Bleed American: The temperature at which photos burn

By Jennifer Kursman
Arizona Daily Wildcat
Thursday, April 29, 2004

Here in Tucson, it's sunny and the mercury's rising. It's so nice out that you decide to grab a cup of overpriced coffee and dine al fresco. Taking a sip, you flip open the newspaper and -

Ick! What's that ugly photo of a bloody, mutilated U.S. soldier doing on the front page? You spit out a mouthful of coffee in disgust. Why was this horrifying picture printed? Clutching your throat, you quickly crumple up the newspaper. You didn't want to be reminded that halfway around the globe, American soldiers are experiencing a different kind of heat - the hell of war. How dare they publish such a poignant photo! Now your appetite is ruined!

It was much more comfortable to stay in a little bubble. Without that painful reminder, it was easier to pretend that a war's not going on. Let's tune into CNN to find out what's really happening. Oh, America is winning. No worries. Kick that newspaper into the recycling bin. It was way too difficult to look at those images; they almost caused you to face the reality of death.

For a long time, the Bush administration sought to clamp down on the release of Iraqi war photographs, particularly those of the coffins of fallen American soldiers.

Last week, Tami Silicio and her husband, David Landry, were fired from the Pentagon contractor company Maytag Aircraft for taking photos of coffins being carried onto transport planes. The Department of Defense claimed that The Seattle Times' publication of these photos constituted a violation of a Pentagon policy issued in March 2003: that "there will be no ... media coverage of deceased personnel returning to or departing from" its stations.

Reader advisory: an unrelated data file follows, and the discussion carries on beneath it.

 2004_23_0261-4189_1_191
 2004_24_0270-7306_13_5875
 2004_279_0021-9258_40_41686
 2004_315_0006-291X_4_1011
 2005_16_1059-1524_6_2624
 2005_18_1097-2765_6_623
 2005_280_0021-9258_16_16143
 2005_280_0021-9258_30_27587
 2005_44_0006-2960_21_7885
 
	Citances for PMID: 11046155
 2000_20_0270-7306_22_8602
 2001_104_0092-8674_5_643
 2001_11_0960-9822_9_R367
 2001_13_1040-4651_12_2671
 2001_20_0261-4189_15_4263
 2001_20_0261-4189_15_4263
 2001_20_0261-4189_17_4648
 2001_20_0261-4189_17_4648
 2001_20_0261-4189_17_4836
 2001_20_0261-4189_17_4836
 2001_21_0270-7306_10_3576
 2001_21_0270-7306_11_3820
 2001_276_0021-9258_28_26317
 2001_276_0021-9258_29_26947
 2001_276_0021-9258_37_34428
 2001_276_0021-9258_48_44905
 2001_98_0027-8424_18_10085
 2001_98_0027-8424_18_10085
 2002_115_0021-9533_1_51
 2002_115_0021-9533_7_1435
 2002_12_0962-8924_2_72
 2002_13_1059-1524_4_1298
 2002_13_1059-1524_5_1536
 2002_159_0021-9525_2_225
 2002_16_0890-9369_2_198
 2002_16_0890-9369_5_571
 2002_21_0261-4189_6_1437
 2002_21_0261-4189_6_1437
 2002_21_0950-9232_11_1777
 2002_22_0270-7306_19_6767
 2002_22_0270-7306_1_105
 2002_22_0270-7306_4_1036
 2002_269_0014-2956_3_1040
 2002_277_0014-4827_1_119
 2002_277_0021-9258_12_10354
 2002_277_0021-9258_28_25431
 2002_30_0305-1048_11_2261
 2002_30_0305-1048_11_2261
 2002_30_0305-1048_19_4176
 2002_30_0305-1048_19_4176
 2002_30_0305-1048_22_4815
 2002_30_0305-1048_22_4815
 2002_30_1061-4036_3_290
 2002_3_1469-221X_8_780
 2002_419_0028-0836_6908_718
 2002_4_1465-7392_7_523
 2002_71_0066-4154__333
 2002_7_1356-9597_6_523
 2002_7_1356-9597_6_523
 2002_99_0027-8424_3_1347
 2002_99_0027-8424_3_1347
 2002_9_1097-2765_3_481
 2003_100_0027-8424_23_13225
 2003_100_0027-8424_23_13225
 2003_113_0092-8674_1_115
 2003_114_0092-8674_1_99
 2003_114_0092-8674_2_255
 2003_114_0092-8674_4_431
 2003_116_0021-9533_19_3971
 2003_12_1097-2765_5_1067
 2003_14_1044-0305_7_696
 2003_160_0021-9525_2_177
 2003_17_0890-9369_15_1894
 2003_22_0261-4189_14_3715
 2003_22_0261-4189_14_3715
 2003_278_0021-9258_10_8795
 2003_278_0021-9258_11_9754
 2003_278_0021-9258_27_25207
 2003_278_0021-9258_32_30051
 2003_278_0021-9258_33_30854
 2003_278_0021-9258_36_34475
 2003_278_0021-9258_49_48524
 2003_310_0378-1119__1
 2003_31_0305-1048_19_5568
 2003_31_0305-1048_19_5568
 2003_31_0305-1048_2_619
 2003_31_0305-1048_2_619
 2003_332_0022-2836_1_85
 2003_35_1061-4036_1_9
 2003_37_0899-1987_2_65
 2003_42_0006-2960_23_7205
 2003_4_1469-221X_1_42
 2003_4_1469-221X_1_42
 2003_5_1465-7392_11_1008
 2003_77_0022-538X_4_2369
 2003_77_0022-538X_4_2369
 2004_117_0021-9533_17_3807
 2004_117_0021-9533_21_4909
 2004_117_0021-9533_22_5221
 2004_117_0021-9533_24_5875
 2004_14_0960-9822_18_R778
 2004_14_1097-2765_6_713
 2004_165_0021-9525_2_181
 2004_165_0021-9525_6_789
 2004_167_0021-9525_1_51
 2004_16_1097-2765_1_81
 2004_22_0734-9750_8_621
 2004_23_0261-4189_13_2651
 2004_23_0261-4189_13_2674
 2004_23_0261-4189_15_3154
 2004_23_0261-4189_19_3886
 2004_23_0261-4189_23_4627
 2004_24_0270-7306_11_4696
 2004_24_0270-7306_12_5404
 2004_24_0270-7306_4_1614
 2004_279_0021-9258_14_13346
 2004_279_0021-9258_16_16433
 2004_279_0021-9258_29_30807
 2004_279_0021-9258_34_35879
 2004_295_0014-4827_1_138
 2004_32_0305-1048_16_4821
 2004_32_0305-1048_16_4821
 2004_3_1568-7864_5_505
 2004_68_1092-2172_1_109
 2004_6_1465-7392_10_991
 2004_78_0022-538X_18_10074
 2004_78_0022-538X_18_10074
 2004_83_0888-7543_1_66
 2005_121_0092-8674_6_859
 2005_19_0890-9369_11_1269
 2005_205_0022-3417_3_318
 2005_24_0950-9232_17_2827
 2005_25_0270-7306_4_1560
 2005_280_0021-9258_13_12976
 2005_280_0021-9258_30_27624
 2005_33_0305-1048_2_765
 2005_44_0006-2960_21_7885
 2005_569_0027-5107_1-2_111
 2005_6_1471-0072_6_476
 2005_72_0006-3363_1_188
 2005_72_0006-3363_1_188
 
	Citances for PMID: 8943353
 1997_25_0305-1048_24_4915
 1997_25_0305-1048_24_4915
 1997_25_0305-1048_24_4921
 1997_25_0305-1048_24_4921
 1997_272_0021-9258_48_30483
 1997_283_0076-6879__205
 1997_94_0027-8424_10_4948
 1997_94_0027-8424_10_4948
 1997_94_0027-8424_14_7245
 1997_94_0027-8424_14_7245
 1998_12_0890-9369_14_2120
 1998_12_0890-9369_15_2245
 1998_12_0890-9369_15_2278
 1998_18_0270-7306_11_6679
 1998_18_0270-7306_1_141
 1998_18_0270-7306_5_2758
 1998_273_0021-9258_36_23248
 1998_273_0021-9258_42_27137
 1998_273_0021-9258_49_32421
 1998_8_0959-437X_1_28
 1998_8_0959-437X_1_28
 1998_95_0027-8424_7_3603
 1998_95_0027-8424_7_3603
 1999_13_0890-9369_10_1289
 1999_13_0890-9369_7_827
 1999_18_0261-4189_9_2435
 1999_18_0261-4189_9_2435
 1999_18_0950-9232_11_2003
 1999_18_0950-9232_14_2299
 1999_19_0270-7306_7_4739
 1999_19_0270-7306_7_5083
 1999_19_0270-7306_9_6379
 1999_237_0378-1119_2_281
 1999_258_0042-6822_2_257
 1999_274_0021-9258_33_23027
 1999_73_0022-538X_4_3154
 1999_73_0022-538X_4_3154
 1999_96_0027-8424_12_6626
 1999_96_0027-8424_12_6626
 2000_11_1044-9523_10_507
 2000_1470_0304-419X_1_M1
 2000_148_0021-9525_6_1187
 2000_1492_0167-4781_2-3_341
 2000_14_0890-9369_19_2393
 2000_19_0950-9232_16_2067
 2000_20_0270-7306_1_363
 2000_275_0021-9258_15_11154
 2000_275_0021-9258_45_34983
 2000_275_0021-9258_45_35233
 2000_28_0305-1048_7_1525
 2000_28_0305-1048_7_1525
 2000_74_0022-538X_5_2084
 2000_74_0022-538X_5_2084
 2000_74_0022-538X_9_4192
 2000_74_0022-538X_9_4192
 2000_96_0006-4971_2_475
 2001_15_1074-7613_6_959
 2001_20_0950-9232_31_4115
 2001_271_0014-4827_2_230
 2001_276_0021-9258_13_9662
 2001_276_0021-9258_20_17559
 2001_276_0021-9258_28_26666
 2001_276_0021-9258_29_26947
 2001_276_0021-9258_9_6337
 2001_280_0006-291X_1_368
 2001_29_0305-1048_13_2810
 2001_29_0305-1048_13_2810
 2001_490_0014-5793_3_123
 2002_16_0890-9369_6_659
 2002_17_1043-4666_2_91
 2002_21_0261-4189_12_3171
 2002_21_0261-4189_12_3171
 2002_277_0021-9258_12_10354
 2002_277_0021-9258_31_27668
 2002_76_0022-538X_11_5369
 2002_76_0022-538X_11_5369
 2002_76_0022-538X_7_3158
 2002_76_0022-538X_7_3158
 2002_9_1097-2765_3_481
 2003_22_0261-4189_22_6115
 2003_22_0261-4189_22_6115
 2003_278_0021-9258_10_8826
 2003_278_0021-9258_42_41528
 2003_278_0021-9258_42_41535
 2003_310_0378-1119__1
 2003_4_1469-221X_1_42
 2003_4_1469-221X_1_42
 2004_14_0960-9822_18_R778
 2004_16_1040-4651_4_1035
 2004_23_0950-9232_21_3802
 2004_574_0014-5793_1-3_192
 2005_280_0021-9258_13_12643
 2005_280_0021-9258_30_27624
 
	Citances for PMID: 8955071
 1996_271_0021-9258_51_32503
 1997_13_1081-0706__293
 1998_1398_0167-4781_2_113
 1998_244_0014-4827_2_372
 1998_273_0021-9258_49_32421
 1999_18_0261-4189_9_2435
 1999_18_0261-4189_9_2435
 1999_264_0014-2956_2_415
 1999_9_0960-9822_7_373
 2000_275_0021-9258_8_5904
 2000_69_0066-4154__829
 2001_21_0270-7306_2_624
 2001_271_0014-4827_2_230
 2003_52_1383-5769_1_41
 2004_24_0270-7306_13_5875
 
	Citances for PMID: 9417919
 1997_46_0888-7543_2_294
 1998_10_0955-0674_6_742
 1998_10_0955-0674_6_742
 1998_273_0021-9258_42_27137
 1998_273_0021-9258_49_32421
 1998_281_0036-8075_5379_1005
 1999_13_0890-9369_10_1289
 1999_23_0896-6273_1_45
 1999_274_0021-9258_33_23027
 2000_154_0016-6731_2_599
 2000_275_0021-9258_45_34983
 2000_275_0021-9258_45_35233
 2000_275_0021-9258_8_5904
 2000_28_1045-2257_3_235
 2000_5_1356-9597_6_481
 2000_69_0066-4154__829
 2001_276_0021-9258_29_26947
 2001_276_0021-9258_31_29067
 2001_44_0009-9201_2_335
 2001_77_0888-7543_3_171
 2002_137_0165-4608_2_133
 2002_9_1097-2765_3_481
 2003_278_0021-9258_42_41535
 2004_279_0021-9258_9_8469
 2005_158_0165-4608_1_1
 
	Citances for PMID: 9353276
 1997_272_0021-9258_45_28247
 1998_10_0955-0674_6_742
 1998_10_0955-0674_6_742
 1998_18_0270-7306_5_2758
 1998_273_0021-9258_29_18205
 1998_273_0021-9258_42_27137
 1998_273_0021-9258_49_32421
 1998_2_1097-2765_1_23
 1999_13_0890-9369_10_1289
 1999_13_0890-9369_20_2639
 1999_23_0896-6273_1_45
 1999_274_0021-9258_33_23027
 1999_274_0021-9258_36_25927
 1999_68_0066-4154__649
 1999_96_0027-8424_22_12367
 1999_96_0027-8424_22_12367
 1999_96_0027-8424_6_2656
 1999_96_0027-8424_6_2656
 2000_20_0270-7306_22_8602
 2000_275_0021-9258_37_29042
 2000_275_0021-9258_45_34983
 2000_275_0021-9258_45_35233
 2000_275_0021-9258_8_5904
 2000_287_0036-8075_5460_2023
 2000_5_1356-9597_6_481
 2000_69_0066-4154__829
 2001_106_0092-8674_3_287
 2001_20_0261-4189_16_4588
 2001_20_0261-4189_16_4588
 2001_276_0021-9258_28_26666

OK, just turn on the blinders and listen to the Bush administration's press releases. That's much easier than confronting those disturbing reminders of the carnage overseas.

White House spokesman Scott McClellan has said that Bush believes we should "honor and show respect for" those who have died in combat. What better way to do that than to pretend that those soldiers never existed?

If Bush genuinely wants to show respect for these soldiers, then he should spend less time at his ranch and start attending more funerals for these courageous men and women. And if Bush really believes that censoring images is respectful, then why was it OK to air footage from Sept. 11, 2001, in his own re-election campaign ads?

Disseminating only the information that paints the president in a positive light, while simultaneously suppressing dissent and negative press, has become the hallmark policy of this administration.

Not one day after the Maytag firings, Tucson's own Russ Kirk finally obtained permission via the Freedom of Information Act to publish photos of dead U.S. soldiers on his independently run Web site,

At the same time, media conglomerates such as CNN, Reuters and The Associated Press - companies that had a vested interest in obtaining the photos - scrambled to obtain access. But they screwed up and accidentally printed pictures of coffins of the astronauts who died in the Columbia shuttle crash.

Huge mistakes like that usually occur when people are rushed. The greed of these mainstream news outlets, as evidenced by their eagerness to publish the photos before deadline, is unbelievably disgusting. Media is always distorted during wartime, and this sickening error should serve as a reminder of the importance of independent media.

Granted, the pictures will be painful to look at. But we must respect and honor the dead - by remembering them.

Kirk's "memory hole" is, of course, an allusion to the vacuum-powered machine that systematically destroyed recorded history in Orwell's "1984."

And once again, the current administration's attempts to suppress the free flow of information proves stranger than fiction.

Jennifer Kursman supports our troops, not the war. She can be contacted at